The Raspberry Pi computer is designed in the UK and now it will be made here as well in a deal that will make the tiny board the first all-British personal computer for nearly two decades.
That return is small – just 30 jobs created in Sony’s Welsh Pencoed facility – but it’s a hugely symbolic moment that resurrects an industry that looked to be long gone.
So great has been the demand for the Raspberry Pi that distributors Element 14 and Premier Farnell have decided that the device should be made in the UK to cope with demand expected to run at 30,000 units per month for the newly-released Rev2 board.
The Pi’s Cambridge team had wanted to build the current board in the UK but had to go with Chinese manufacture on order to meet the aggressive $25 (Model A) and $35 (Model B) price points. Sales success has changed those calculations and the project can now guarantee enough demand.
In the early 1980s, the UK founded a sizable cottage industry designing and making computers on the back of the BBC Micro and later the Acorn Archimedes, the latter being made by Norwich Computer Services.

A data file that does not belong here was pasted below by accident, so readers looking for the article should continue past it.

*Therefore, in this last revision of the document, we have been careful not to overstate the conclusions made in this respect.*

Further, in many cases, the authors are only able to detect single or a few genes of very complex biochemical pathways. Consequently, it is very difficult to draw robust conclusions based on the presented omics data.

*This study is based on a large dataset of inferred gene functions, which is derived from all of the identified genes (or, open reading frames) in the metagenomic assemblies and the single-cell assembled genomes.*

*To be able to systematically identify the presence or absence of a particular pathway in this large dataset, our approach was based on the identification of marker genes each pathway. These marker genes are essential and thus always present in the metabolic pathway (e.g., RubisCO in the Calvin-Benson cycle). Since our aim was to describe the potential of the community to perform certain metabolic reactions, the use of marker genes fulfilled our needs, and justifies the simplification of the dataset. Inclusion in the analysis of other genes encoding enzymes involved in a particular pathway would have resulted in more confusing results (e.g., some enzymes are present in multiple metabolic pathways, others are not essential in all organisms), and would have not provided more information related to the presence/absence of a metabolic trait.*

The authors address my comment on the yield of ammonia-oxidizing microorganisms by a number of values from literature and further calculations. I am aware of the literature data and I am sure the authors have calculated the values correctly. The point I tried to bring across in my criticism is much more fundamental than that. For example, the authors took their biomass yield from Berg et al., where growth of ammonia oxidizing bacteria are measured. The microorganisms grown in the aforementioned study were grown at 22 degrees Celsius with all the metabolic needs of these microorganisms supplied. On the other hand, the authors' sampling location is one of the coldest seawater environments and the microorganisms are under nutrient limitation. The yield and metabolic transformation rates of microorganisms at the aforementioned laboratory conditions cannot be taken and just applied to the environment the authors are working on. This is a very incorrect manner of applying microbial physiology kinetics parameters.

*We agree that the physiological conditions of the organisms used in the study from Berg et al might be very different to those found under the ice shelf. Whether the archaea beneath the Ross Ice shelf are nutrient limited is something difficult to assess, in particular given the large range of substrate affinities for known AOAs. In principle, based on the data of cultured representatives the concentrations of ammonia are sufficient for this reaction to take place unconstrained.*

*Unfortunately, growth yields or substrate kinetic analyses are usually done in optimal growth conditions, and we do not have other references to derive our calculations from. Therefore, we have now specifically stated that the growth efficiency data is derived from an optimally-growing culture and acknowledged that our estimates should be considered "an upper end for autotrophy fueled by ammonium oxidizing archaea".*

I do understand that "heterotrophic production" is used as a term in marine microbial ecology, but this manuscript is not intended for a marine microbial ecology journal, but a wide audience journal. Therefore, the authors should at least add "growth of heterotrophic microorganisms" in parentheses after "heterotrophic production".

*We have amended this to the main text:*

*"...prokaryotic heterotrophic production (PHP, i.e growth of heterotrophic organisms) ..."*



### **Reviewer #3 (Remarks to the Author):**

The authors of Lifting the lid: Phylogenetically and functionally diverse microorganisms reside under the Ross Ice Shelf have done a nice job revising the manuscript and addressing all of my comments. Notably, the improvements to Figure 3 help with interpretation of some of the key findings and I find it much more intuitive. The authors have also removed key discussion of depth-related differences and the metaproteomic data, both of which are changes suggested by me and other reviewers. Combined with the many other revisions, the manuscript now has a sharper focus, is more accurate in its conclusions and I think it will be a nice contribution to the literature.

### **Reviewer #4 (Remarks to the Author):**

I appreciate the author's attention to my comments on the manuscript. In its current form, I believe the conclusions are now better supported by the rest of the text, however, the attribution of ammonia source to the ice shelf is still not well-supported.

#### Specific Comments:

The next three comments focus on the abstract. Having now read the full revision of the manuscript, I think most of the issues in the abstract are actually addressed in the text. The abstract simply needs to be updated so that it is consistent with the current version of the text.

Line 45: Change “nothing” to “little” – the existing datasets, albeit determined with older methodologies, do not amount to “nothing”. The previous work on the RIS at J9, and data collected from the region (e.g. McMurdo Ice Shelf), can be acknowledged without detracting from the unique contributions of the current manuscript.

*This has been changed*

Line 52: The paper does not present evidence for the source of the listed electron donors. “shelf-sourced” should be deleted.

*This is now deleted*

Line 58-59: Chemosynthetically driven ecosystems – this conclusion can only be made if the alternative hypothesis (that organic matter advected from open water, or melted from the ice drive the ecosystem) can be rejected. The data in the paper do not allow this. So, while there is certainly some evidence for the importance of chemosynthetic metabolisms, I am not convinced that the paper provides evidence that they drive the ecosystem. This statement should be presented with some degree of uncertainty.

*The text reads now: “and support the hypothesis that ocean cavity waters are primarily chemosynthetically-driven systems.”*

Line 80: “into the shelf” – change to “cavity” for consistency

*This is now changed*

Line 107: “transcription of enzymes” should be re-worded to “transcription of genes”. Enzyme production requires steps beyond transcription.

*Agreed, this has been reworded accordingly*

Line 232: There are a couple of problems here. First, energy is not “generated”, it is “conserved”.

As these proprietary but hugely influential designs and their creators faded, in the 1990s came more standard UK-designed PCs from ICL and Apricot, eventually taken over by Fujitsu and Mitsubishi respectively. One was closed and the other continued as a services part of a Japanese multi-national, its Britishness hollowed out.
Apart from a few niches such as Psion, the native British computer industry was dead and everyone moved on to software. Now, unexpectedly from a small office in Cambridge, the industry is back in a smaller but perhaps eventually equally influential form.
“How do you know if you’ve got a UK-made board? Easy. Look next to the power jack; you’ll see the words ‘Made in the UK’. We couldn’t be prouder,” announced the Pi team on the project website.